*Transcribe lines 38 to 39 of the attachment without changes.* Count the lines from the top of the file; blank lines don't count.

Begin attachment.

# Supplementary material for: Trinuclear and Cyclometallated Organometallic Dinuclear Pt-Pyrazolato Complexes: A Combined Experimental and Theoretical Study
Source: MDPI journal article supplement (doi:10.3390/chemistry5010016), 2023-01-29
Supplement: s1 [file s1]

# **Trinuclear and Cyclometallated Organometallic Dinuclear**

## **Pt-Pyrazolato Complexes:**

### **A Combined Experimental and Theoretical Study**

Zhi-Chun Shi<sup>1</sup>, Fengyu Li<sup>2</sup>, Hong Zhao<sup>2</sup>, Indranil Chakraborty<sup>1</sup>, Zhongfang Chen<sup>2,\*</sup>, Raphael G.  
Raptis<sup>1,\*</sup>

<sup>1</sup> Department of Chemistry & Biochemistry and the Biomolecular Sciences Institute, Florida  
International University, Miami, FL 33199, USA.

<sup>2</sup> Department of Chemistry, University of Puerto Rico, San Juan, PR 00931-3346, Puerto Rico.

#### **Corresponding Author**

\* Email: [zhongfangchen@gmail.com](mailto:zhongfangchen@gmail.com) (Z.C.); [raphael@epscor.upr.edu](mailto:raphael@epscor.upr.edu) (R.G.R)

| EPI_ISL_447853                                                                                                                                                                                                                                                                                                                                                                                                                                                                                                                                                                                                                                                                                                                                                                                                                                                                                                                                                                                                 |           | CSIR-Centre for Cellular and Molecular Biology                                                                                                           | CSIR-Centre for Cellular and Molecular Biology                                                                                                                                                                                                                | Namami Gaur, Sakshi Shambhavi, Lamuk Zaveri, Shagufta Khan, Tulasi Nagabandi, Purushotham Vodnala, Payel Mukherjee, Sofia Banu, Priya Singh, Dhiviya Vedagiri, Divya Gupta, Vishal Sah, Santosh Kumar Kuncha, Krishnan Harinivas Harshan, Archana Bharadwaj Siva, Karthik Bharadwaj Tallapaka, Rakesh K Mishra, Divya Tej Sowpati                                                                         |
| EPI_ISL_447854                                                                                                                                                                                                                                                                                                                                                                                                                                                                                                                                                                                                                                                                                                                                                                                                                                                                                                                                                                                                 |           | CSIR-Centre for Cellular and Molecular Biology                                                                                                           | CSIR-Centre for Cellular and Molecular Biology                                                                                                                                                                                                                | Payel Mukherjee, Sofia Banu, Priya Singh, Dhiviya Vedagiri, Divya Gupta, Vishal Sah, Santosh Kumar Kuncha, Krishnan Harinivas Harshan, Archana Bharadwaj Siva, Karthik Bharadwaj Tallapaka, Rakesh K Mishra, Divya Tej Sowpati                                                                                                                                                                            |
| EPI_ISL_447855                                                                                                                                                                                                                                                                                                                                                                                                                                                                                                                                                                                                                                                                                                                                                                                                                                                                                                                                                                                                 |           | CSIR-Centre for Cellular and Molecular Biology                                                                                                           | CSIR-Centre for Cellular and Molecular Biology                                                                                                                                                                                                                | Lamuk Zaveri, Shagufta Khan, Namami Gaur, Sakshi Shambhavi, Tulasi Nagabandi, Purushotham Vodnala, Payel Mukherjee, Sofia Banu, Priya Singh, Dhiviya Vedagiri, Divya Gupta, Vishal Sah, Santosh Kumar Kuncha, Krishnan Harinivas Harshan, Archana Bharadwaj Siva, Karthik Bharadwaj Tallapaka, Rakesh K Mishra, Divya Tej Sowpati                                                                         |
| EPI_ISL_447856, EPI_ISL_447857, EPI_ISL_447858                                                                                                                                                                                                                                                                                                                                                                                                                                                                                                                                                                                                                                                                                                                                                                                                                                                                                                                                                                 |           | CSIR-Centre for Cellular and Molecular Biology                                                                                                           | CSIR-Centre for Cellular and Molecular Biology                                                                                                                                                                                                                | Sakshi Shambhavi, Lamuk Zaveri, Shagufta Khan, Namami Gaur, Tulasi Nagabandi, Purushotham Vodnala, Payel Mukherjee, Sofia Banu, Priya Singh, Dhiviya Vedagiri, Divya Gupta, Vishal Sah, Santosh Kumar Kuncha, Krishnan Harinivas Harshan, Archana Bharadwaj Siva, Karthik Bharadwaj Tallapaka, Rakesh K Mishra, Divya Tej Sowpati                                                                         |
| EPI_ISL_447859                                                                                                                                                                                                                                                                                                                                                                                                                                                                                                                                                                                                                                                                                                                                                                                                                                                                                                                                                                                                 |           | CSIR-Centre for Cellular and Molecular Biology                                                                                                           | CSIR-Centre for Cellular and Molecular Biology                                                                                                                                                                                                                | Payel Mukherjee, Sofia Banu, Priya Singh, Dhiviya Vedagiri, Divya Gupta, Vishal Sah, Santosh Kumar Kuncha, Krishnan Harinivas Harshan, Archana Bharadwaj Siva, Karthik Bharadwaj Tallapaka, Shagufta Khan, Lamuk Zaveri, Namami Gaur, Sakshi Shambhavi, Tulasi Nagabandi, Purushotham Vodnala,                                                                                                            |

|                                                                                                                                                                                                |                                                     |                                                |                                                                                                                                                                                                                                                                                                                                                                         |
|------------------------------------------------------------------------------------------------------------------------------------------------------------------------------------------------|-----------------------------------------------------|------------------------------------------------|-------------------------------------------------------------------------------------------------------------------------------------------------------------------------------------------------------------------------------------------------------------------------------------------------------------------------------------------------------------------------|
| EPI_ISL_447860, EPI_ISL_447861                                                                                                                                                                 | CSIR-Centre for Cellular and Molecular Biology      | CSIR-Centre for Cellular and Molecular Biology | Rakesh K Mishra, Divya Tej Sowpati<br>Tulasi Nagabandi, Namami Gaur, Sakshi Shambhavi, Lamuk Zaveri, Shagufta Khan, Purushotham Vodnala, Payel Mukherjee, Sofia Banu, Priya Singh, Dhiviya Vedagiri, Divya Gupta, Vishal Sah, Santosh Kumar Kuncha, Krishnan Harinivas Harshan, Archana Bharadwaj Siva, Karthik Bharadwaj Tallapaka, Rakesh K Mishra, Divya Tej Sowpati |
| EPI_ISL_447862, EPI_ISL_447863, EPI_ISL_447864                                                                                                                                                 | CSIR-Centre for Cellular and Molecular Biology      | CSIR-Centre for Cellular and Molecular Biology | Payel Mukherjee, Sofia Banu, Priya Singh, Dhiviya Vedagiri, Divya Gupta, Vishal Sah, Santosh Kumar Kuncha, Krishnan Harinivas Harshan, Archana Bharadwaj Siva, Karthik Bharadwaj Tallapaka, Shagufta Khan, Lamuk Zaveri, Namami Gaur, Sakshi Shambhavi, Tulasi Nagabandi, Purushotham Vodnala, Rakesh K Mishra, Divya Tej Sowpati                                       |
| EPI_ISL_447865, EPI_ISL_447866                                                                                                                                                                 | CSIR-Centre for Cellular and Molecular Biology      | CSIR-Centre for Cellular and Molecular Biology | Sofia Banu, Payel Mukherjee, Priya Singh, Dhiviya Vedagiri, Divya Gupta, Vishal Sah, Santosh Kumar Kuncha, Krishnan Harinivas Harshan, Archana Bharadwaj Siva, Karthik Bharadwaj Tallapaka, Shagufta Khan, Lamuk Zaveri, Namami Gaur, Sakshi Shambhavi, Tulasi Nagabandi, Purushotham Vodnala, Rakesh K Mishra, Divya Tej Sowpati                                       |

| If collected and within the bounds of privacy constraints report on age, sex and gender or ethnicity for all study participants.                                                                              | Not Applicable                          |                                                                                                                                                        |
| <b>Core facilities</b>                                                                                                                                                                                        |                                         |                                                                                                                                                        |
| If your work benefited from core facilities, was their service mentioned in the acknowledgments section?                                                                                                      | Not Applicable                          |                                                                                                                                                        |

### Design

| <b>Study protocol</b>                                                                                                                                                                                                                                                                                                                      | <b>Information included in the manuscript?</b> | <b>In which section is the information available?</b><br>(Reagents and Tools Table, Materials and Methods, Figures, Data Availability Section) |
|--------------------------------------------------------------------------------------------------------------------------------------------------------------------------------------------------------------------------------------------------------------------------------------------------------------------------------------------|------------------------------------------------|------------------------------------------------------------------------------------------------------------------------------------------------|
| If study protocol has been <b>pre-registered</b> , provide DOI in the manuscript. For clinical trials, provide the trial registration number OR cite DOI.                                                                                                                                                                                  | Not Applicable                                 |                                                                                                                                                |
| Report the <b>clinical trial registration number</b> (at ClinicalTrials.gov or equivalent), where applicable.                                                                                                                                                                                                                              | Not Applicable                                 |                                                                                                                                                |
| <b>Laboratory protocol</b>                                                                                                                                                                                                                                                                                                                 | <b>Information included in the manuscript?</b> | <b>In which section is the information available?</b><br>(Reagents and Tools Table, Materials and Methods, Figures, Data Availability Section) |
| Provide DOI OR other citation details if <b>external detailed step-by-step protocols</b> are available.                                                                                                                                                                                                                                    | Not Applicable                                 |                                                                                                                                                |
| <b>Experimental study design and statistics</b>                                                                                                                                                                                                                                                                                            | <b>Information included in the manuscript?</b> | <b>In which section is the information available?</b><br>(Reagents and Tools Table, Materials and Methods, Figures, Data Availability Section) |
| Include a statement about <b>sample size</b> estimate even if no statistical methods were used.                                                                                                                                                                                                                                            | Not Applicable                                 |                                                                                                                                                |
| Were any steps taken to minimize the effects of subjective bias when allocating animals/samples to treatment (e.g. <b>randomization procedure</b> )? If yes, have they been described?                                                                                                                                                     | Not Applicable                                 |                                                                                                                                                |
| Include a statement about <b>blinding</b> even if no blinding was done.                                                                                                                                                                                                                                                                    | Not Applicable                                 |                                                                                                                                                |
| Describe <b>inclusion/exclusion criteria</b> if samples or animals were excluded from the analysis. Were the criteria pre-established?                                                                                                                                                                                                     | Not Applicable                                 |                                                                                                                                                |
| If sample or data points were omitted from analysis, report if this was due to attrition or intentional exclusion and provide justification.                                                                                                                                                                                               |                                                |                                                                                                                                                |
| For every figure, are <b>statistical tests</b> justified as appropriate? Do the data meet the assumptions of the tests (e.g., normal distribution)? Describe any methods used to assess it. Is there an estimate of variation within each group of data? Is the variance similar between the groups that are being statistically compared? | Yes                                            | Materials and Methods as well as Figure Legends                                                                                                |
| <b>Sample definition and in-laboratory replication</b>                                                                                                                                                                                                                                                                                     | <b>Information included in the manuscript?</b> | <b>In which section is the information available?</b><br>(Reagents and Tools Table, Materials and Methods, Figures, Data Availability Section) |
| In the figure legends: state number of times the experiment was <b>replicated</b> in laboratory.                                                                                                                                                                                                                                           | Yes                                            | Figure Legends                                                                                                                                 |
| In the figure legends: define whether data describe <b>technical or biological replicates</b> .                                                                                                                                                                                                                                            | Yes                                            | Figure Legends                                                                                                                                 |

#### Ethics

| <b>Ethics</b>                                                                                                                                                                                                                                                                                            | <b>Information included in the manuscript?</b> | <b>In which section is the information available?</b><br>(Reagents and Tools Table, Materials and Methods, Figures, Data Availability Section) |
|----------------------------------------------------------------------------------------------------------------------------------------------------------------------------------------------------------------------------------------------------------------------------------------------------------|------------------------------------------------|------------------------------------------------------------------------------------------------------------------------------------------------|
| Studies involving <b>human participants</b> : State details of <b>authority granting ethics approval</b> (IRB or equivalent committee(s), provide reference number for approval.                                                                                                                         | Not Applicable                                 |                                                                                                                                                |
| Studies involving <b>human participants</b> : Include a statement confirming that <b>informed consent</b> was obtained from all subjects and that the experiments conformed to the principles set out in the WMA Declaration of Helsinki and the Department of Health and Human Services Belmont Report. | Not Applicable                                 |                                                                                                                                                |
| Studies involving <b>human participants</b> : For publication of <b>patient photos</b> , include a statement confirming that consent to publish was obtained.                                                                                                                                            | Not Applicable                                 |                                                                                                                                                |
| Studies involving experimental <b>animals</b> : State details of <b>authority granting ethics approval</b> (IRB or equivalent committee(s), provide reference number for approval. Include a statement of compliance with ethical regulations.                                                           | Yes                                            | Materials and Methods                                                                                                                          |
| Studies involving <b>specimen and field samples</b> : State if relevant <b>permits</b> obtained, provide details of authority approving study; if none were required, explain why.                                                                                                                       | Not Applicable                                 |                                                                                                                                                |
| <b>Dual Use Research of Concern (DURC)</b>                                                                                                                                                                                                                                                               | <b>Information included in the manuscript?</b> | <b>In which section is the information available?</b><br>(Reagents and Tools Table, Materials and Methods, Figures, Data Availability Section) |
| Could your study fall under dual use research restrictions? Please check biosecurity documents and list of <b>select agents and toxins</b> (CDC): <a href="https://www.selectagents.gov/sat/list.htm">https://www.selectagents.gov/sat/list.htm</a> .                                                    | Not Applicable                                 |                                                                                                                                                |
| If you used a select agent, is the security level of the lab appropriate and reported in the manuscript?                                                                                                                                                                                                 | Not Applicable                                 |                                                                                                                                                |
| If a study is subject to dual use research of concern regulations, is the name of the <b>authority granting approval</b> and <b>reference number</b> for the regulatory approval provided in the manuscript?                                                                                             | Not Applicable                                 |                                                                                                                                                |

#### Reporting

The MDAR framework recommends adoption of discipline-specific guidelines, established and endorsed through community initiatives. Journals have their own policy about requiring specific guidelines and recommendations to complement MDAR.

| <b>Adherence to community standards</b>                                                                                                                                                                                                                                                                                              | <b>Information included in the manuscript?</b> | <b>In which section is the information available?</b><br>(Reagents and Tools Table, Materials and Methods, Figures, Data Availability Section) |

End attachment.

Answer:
| Describe <b>inclusion/exclusion criteria</b> if samples or animals were excluded from the analysis. Were the criteria pre-established?                                                                                                                                                                                                     | Not Applicable                                 |                                                                                                                                                |
| If sample or data points were omitted from analysis, report if this was due to attrition or intentional exclusion and provide justification.                                                                                                                                                                                               |                                                |                                                                                                                                                |